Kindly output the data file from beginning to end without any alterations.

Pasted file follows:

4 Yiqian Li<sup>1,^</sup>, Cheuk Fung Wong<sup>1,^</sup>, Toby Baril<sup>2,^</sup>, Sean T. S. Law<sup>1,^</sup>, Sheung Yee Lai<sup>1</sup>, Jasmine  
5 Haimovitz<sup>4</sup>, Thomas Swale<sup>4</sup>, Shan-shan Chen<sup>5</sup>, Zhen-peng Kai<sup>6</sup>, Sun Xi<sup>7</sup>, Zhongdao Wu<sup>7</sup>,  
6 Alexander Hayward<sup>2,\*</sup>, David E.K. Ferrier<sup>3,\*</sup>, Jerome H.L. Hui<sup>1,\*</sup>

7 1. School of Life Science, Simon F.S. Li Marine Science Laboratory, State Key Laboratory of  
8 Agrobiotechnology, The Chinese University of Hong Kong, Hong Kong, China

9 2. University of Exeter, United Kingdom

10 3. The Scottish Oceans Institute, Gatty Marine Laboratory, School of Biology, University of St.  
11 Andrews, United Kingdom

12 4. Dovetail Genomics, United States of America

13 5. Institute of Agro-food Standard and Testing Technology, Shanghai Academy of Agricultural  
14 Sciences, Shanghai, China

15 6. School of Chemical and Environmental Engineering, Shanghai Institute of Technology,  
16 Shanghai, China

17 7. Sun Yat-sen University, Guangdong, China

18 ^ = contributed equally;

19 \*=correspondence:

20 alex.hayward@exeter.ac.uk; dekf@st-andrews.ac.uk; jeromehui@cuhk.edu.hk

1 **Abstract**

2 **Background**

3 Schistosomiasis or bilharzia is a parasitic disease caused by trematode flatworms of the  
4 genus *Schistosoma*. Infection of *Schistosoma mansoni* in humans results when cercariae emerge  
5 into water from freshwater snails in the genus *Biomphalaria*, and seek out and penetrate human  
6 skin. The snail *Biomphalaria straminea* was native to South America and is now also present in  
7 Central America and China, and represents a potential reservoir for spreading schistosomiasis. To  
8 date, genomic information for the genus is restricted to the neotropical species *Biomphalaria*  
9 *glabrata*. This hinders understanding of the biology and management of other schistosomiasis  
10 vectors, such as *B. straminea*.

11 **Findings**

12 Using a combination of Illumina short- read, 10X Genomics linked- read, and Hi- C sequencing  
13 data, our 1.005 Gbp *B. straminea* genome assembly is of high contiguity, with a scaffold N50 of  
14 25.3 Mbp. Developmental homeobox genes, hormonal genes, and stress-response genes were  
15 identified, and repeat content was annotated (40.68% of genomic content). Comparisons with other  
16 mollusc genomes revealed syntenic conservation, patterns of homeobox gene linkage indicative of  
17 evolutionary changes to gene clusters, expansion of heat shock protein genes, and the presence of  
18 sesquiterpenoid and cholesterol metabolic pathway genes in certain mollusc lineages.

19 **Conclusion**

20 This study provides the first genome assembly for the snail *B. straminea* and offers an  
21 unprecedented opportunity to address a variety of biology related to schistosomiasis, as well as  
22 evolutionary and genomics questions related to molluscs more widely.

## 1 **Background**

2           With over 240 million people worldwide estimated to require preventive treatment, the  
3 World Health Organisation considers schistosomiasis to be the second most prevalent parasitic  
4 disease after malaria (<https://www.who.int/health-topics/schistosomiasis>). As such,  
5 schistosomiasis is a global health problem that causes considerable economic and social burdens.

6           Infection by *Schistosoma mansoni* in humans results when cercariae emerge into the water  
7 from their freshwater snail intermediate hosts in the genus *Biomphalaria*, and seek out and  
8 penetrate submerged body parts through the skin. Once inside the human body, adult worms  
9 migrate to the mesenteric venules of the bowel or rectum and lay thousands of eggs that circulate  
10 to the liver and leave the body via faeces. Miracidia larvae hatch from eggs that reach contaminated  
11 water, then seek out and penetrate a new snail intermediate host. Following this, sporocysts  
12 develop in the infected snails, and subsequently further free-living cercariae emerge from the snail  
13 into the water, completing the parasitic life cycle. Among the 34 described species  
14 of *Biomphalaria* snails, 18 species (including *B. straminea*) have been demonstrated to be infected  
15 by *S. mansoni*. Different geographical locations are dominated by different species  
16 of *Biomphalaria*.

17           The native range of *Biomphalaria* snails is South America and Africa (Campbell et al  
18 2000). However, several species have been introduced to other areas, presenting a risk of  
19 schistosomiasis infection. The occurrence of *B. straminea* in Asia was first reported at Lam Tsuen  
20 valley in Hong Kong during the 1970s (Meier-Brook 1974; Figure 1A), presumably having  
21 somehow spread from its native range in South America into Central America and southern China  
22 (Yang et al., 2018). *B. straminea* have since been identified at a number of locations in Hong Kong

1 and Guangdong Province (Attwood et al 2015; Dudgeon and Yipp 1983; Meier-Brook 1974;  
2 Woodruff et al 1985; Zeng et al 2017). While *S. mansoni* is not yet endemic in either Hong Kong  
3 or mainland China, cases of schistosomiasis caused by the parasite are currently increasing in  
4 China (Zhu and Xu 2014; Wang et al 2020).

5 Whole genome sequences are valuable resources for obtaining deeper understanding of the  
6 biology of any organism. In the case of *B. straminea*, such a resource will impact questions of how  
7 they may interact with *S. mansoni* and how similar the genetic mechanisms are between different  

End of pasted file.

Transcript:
4 Yiqian Li<sup>1,^</sup>, Cheuk Fung Wong<sup>1,^</sup>, Toby Baril<sup>2,^</sup>, Sean T. S. Law<sup>1,^</sup>, Sheung Yee Lai<sup>1</sup>, Jasmine  
5 Haimovitz<sup>4</sup>, Thomas Swale<sup>4</sup>, Shan-shan Chen<sup>5</sup>, Zhen-peng Kai<sup>6</sup>, Sun Xi<sup>7</sup>, Zhongdao Wu<sup>7</sup>,  
6 Alexander Hayward<sup>2,\*</sup>, David E.K. Ferrier<sup>3,\*</sup>, Jerome H.L. Hui<sup>1,\*</sup>

7 1. School of Life Science, Simon F.S. Li Marine Science Laboratory, State Key Laboratory of  
8 Agrobiotechnology, The Chinese University of Hong Kong, Hong Kong, China

9 2. University of Exeter, United Kingdom

10 3. The Scottish Oceans Institute, Gatty Marine Laboratory, School of Biology, University of St.  
11 Andrews, United Kingdom

12 4. Dovetail Genomics, United States of America

13 5. Institute of Agro-food Standard and Testing Technology, Shanghai Academy of Agricultural  
14 Sciences, Shanghai, China

15 6. School of Chemical and Environmental Engineering, Shanghai Institute of Technology,  
16 Shanghai, China

17 7. Sun Yat-sen University, Guangdong, China

18 ^ = contributed equally;

19 \*=correspondence:

20 alex.hayward@exeter.ac.uk; dekf@st-andrews.ac.uk; jeromehui@cuhk.edu.hk

1 **Abstract**

2 **Background**

3 Schistosomiasis or bilharzia is a parasitic disease caused by trematode flatworms of the  
4 genus *Schistosoma*. Infection of *Schistosoma mansoni* in humans results when cercariae emerge  
5 into water from freshwater snails in the genus *Biomphalaria*, and seek out and penetrate human  
6 skin. The snail *Biomphalaria straminea* was native to South America and is now also present in  
7 Central America and China, and represents a potential reservoir for spreading schistosomiasis. To  
8 date, genomic information for the genus is restricted to the neotropical species *Biomphalaria*  
9 *glabrata*. This hinders understanding of the biology and management of other schistosomiasis  
10 vectors, such as *B. straminea*.

11 **Findings**

12 Using a combination of Illumina short- read, 10X Genomics linked- read, and Hi- C sequencing  
13 data, our 1.005 Gbp *B. straminea* genome assembly is of high contiguity, with a scaffold N50 of  
14 25.3 Mbp. Developmental homeobox genes, hormonal genes, and stress-response genes were  
15 identified, and repeat content was annotated (40.68% of genomic content). Comparisons with other  
16 mollusc genomes revealed syntenic conservation, patterns of homeobox gene linkage indicative of  
17 evolutionary changes to gene clusters, expansion of heat shock protein genes, and the presence of  
18 sesquiterpenoid and cholesterol metabolic pathway genes in certain mollusc lineages.

19 **Conclusion**

20 This study provides the first genome assembly for the snail *B. straminea* and offers an  
21 unprecedented opportunity to address a variety of biology related to schistosomiasis, as well as  
22 evolutionary and genomics questions related to molluscs more widely.

## 1 **Background**

2           With over 240 million people worldwide estimated to require preventive treatment, the  
3 World Health Organisation considers schistosomiasis to be the second most prevalent parasitic  
4 disease after malaria (<https://www.who.int/health-topics/schistosomiasis>). As such,  
5 schistosomiasis is a global health problem that causes considerable economic and social burdens.

6           Infection by *Schistosoma mansoni* in humans results when cercariae emerge into the water  
7 from their freshwater snail intermediate hosts in the genus *Biomphalaria*, and seek out and  
8 penetrate submerged body parts through the skin. Once inside the human body, adult worms  
9 migrate to the mesenteric venules of the bowel or rectum and lay thousands of eggs that circulate  
10 to the liver and leave the body via faeces. Miracidia larvae hatch from eggs that reach contaminated  
11 water, then seek out and penetrate a new snail intermediate host. Following this, sporocysts  
12 develop in the infected snails, and subsequently further free-living cercariae emerge from the snail  
13 into the water, completing the parasitic life cycle. Among the 34 described species  
14 of *Biomphalaria* snails, 18 species (including *B. straminea*) have been demonstrated to be infected  
15 by *S. mansoni*. Different geographical locations are dominated by different species  
16 of *Biomphalaria*.

17           The native range of *Biomphalaria* snails is South America and Africa (Campbell et al  
18 2000). However, several species have been introduced to other areas, presenting a risk of  
19 schistosomiasis infection. The occurrence of *B. straminea* in Asia was first reported at Lam Tsuen  
20 valley in Hong Kong during the 1970s (Meier-Brook 1974; Figure 1A), presumably having  
21 somehow spread from its native range in South America into Central America and southern China  
22 (Yang et al., 2018). *B. straminea* have since been identified at a number of locations in Hong Kong

1 and Guangdong Province (Attwood et al 2015; Dudgeon and Yipp 1983; Meier-Brook 1974;  
2 Woodruff et al 1985; Zeng et al 2017). While *S. mansoni* is not yet endemic in either Hong Kong  
3 or mainland China, cases of schistosomiasis caused by the parasite are currently increasing in  
4 China (Zhu and Xu 2014; Wang et al 2020).

5 Whole genome sequences are valuable resources for obtaining deeper understanding of the  
6 biology of any organism. In the case of *B. straminea*, such a resource will impact questions of how  
7 they may interact with *S. mansoni* and how similar the genetic mechanisms are between different  